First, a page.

Forum Replies Created
truthsharer: What is the mekor for that?
The Halachah is that you are nowadays ALLOWED to live off Tzedakah to learn (see the Rama and Shach in Hilchos Talmud Torah 246:21). And the Rama 246:6 rules that the custom is that Torah scholars do benefit from their learning, by support from the community. And he even brings other opinions that the community should support its Torah scholars even to the point of affluence.
Additionally, taking money for learning in Kollel is NOT living of Tzedakah. Since I, the recipient, must provide something in return for payment received, that is a simple business deal. If I do NOT have to provide anything in return for payment received, that is Tzedakah. Since Kollel people must learn Torah in return for the payments they receive, they are NOT living at all off Tzedakah. Not any more than any person who renders services for payment received.
truthsharer: I provided the enumerated census count, that the U.S. Census is constitutionally obligated to do. The estimated number is a separate count.
The Rambam clearly writes that EVERY Jew has a right to spend his life dedicated to full-time learning. Thus it would seem the Rambam falls into the “es kumpt mir” category you coined for this endeavor.
Maran Hagoen Rav Elazar Shach told American educators that Yeshiva boys should be taught Chumash in Yiddish, even if the boys speak English amongst themselves. He furtermore said that both boys and girls should learn to be comfortable in Yiddish. He also said that Yiddish is spoken by “all jews” (that is his phrase). He referred parents to send their children to Yiddish teaching yeshivos. And there is good reason why Rebbes and Rabbonim give ma’amarim in Yiddish.
Modern Hebrew is not different than Turkish or Farsi – it is the language of a secular culture complete with all those things that we want to stay away from. The fact that some of those who speak Modern Hebrew are religious Jews is not different than the language of any country Jews are in where they speak the language of the land. The point is to stay away from the language of the land and only talk the language of the Jew.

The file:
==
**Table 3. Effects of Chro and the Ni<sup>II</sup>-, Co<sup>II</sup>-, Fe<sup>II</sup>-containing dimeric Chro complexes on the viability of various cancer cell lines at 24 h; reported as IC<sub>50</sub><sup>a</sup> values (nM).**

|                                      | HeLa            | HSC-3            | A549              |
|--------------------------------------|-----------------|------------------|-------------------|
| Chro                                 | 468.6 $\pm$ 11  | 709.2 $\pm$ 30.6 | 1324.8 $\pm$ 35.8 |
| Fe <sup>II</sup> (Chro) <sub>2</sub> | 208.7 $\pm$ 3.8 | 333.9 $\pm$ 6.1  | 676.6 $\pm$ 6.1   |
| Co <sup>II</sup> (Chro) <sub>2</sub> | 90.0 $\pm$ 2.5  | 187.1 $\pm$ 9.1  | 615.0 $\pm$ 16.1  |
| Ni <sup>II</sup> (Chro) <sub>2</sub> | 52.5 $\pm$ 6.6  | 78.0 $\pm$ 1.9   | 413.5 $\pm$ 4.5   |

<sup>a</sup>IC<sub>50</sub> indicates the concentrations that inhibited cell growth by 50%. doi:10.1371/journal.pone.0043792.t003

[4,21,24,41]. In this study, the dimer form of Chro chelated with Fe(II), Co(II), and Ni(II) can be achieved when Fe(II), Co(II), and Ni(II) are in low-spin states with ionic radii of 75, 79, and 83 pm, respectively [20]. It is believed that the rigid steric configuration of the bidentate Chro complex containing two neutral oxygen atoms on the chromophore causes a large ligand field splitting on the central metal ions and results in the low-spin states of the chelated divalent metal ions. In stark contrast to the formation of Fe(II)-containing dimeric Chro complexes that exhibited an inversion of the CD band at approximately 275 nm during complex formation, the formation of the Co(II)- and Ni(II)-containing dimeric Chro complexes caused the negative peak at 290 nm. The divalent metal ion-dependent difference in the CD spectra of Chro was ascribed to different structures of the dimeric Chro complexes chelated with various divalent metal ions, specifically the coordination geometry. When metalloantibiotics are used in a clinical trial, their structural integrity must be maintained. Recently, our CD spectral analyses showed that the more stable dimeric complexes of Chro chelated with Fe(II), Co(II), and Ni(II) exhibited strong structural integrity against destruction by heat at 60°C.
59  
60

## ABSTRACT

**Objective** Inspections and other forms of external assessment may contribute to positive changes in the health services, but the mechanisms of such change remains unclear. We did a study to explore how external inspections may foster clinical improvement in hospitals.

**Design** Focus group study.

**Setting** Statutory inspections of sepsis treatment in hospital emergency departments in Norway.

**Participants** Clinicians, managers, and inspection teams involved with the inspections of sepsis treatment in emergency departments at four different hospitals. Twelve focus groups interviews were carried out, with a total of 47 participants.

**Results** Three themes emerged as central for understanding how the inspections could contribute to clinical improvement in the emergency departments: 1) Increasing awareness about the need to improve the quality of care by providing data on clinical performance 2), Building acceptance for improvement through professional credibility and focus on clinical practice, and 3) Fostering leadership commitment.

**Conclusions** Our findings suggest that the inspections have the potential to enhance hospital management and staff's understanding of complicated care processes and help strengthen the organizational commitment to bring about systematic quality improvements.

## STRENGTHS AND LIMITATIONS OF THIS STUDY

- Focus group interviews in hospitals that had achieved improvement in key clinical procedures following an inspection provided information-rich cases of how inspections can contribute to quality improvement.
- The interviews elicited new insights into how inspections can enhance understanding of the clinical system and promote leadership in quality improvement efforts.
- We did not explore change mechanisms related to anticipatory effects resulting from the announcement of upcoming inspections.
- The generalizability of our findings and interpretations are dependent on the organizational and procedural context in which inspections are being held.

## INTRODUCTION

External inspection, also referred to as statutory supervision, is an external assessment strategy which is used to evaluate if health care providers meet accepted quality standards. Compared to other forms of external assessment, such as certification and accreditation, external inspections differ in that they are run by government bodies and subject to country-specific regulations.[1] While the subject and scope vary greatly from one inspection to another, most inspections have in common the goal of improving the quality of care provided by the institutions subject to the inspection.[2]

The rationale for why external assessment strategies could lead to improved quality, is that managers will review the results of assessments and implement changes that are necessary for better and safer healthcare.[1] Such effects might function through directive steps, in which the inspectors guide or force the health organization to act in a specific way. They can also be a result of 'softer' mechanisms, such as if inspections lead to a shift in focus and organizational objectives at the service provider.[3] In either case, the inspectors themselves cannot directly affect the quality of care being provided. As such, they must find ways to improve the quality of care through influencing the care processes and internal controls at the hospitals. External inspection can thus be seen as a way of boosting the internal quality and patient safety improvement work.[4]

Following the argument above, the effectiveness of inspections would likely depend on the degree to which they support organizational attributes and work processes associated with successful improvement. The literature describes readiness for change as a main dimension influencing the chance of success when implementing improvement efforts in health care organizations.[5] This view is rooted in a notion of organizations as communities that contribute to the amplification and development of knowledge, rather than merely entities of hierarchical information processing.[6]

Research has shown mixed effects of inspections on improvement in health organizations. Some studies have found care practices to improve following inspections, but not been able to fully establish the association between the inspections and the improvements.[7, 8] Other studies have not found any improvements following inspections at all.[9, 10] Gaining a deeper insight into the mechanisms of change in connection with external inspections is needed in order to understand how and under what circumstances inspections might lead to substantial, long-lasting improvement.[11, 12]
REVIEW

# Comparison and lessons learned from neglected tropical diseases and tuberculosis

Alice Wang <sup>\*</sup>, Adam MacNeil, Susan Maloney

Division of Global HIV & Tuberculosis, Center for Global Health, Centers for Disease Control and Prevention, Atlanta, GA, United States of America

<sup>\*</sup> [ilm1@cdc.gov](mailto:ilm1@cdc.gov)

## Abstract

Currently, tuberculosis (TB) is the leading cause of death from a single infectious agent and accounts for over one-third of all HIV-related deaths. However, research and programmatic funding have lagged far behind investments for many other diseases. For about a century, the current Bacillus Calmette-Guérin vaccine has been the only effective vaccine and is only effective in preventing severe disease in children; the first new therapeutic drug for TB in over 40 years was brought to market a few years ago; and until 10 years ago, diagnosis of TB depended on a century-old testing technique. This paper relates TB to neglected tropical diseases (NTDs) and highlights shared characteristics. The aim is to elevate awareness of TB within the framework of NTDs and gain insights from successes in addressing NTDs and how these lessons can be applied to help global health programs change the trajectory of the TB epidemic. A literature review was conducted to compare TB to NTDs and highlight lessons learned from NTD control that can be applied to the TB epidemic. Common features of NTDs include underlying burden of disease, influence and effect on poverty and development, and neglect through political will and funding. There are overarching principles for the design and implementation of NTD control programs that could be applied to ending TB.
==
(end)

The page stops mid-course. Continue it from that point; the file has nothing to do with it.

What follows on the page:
The Radak (Sefer HaMichlol, introduction) writes that Loshon HaKodesh is all but forgotten to us, and all we have left is what is in Tanach.
The Chasam Sofer notes that while Chazal used many words and phrases borrowed from the Greeks and Romans, they never coined a new word, as has been done in modern hebrew, for in their holy opinion it was preferable to use other languages rather than create even a single new word that did not have its like, its example, in the Torah, since it could not be rooted in sanctity.
The Chasam Sofer EH 2:11 says that in ancient times Jews used to use a modified version of the non-Jewish languages for everyday (divrei chol) talk, similar to what Yiddish is.
The Rambam writes that even in the days of Ezra they had a translator to explain the Torah readings to the people – clearly, they did not speak Loshon Hakodesh, even before the Churban.
The Chasam Sofer writes that the reason Jews do not speak Loshon Hakodesh as a speaking language is because it is inappropriate to use a holy language while enveloped in Tumah, which is our current status. The Rambam writes that a love song in Hebrew is more repulsive to Hashem than the same song in Arabic, for instance, because the pollution of the Holy language is an additional crime. If someone wants to store pornography in his house, thats bad enough. But to store it in the Aron HaKodesh is unspeakably worse. So to cause Loshon HaKodesh to be used as a street language, complete with all the disgusting ways it is used today in Israel, is just more of a reason why we should make sure it never gets into the streets. For our Creator to look down at the world and see His holy language – or even elements of it – used in magazines such as are sold in Kiosks on Yaffo or Dizengoff Street, or spoken by the lowest of the low trying to make a sale, is not something that he or we are happy about.